THE HIDDEN POEMS OF THOREAU

By Thad Gullman

May 14th 1991, the day of the hoe.  The Thoreau hoe.  The hoe my grandmother had treasured for so many years. She had been given it to treasure by Henry C. Wheeler and treasure it she did. It was a hoe with a history, it’s true, but it was also a hoe with a secret.  “why is this circle on the top of the handle a different tone than the rest of the handle Grannie May, I asked. “Why I have no idea Thad,” she replied. It took me a year of wheedling to get her to agree to let me test the hunch, the odd certainty that had taken hold of me the moment I had seen the slightly deeper hue of the handle top.  It was only when I tapped the die with a 2 inch thick block of slate and Grannie could hear the extra resonance that she accepted my belief, that a hole had been bored in the handle.  May 14th 1992. I sanded away the top of the handle until the bored hole was revealed, Thoreau’s secret brought to light. And inside the hole? Inside the hole of the hoe was a thin scroll in Thoreau’s unmistakable hand.

The scroll in the hoe was entitled My Poem Finder, and contained an intricate 19th century algorithm which provided a key for locating lines in Thoreau’s essays which taken sequentially formed  poems which Henry David had hidden in his essays. These poems, which I have laboriously reconstituted over the last two decades, are of a substantially greater quality than the “overt” poems with which you are familiar. The purpose of this essay is to present examples of Thoreau’s hidden poems, analyze them, consider whether Thoreau anticipated the development of contemporary poetry, and finally to determine whether his relatively insipid overt poems were a deliberate ruse.

Let us begin by examining a typical example of one of Thoreau’s hidden poems.

The Pond Was My Well Ready Dug

We might try our minds by a thousand simple tests

The violence of love is as much to be dreaded as that of hate

The north wind has already begun to cool the pond

But all this is very selfish

 

Friendship is not so kind as is imagined

Squirrels and wild mice disputed for my store of nuts

Why level downward to our dullest perception always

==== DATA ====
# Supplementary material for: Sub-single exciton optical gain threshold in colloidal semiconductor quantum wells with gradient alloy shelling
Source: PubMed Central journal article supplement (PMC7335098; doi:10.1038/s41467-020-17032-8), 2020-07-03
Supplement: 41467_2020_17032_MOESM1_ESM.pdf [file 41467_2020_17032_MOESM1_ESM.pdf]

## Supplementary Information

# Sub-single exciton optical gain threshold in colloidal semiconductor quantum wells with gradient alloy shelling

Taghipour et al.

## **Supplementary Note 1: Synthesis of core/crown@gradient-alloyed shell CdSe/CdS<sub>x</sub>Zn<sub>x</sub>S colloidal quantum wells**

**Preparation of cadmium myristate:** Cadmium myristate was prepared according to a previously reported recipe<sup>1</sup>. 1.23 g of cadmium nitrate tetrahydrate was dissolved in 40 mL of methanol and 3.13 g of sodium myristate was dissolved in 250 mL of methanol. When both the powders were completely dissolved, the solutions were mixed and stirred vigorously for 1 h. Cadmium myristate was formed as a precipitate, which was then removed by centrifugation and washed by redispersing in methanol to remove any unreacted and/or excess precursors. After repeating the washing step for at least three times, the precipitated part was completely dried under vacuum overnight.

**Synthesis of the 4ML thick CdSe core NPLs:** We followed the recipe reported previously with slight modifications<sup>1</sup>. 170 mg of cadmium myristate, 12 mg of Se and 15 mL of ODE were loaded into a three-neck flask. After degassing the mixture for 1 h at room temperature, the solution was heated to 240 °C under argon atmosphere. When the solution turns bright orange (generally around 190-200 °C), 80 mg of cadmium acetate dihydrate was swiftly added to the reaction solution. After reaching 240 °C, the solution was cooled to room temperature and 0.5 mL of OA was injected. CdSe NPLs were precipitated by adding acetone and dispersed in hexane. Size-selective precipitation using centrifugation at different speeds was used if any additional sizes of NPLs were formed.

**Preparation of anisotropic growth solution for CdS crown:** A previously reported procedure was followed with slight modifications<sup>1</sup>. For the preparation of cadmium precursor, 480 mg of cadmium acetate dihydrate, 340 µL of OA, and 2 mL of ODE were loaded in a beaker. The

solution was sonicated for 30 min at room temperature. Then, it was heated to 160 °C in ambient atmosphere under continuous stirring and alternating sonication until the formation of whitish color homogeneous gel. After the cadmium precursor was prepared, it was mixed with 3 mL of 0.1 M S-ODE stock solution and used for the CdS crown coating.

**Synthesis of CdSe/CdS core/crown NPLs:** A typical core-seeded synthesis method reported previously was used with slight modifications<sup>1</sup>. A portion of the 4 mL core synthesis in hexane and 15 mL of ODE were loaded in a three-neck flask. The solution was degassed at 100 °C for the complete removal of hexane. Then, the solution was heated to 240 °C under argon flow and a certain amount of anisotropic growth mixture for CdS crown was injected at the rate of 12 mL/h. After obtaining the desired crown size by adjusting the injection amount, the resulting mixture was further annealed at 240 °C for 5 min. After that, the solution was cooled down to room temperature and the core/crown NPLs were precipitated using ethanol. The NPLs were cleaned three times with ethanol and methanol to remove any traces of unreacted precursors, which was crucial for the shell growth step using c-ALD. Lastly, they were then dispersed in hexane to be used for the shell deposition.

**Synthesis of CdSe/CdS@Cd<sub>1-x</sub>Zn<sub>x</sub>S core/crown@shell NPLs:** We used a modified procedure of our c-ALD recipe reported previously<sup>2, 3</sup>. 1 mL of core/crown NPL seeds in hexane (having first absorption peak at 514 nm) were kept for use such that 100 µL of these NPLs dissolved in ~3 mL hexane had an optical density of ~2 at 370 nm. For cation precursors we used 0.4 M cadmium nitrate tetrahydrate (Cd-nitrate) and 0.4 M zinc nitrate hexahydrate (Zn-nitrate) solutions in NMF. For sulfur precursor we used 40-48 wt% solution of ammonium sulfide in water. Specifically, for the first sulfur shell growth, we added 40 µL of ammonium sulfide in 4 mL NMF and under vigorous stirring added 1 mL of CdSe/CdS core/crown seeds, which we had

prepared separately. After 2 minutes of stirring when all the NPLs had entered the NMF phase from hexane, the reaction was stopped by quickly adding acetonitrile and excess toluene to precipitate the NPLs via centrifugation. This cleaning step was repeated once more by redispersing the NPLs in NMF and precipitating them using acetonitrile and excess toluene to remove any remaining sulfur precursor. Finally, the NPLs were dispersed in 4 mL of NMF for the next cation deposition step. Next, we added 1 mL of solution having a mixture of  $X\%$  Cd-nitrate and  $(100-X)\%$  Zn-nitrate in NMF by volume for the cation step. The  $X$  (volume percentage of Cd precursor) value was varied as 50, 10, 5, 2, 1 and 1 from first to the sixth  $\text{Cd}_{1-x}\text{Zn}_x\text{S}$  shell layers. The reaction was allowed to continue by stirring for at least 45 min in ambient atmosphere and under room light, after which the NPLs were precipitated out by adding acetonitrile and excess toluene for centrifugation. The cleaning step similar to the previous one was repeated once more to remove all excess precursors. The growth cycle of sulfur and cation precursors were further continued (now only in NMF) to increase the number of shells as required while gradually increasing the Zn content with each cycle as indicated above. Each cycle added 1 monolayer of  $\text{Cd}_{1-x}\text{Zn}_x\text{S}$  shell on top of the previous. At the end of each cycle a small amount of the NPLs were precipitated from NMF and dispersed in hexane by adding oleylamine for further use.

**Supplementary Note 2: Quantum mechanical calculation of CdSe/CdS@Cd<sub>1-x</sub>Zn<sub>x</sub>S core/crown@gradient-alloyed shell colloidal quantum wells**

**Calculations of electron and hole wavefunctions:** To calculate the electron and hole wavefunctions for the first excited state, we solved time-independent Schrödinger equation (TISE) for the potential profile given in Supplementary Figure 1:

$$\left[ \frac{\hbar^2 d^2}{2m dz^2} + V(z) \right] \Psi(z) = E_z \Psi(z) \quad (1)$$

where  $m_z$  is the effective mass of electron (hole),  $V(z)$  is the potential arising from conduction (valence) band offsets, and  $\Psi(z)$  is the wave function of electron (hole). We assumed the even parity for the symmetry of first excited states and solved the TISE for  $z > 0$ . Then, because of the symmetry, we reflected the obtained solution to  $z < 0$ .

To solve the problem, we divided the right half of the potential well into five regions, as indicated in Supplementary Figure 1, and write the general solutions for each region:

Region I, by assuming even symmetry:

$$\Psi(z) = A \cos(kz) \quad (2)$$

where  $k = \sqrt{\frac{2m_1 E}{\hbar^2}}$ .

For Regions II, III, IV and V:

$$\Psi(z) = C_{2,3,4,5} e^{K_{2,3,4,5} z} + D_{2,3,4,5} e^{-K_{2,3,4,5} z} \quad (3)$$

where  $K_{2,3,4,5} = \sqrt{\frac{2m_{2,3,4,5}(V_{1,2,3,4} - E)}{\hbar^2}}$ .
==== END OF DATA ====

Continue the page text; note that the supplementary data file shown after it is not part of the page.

I do not suppose that I have attained to obscurity[1]

At first blush the reader will note two things without effort. First, that the poem is clearly organic and pre-conceived.  Second, that it is far, far superior to Thoreau’s extant poetry.

Consider this section of “To The Maiden of the East”

Believe I knew thy thought,

And that the zephys brought

Thy kindest wishes through,

As mine they bear to you;

That some attentive cloud

Did pause amid the crowd

                Over my head,

While gentle things were said.[2]

This is clearly just an outpouring of insipid drivel, whilst The Pond That Was My Well Ready Dug, is stately and evocative of Thoreau’s deeper wellsprings, and is every sense, a measured cascade of foxy thoughts. The effect of Thoreau’s hidden poems accentuates the observations of the Thoreau Scholar[3] Indeed the hidden poem firmly establishes that Thoreau should be considered a real philosopher. Which according to Gullman’s essay, The Realness of Thoreau’s Philosophy, is well on the way to objective establishment to begin with. [4]

As we look deeper the reader will note that each line is the opening line of a prose paragraph, and in this the reader may easily guess the firm mechanism of Thoreau’s hidden poem algorithm.  For, as he wrote within the hoe, “let the first line be carried out into the poem.”[5] In that manuscript our philosopher poet further opined that “this boxed in rhyming wherein we imprison our poesy must perforce expire, and against that day I weave in these unrhymed poems.  By this key.”[6] Here we find the clearest exposition of Thoreau as a real philosopher, not merely, a natural philosopher but a philosopher of the human intellectual and evolutional spirit. His grounded understanding of the human condition well understood that the days of formal poetry would one day expire.  In this sense we may well believe that his intent in writing such obviously torpid traditional verse was to hurry that day along.  Consider what he said himself in the following hidden poem.

 

Most People With Whom I Talk

Sometimes I rambled to pine groves

Sometimes, after staying in the village parlor

It was like traveling into a far country

It was vain for me to endeavor to interrupt the Silence

 

One Old hunter who has a dry tongue

A single gentle rain makes the grass many shades greener

For a long time I was a reporter to a journal

I have a great deal of company in my house[7]

He does indeed. And who wouldn’t gather to hear the true poems of our philosopher. As the Thoreau scholar has said, “Henry David Thoreau was an American author, philosopher, and naturalist who was part of the Transcendentalist movement. “[8] That he was. But he was also a poet whose time had not yet come during that movement, but which has now arrived. Let us then gather!

 

 

 



[1] Hidden Poems, ed. Gullman 47-48

[2] Henry David Thoreau, The Portable Thoreau, 184

[3] Richard J. Schneider – See http://www.thoreausociety.org/_news_abouthdt.htm et al.

[4] Thad Gullman, The Realness of Thoreau’s Philosophy. 16-17

[5] Henry David Thoreau, The Thoreau Hoe Manuscript.

[6] Henry David Thoreau, The Thoreau Hoe Manuscript.

[7] Henry David Thoreau, Hidden Poems, ed. Gullman - 97

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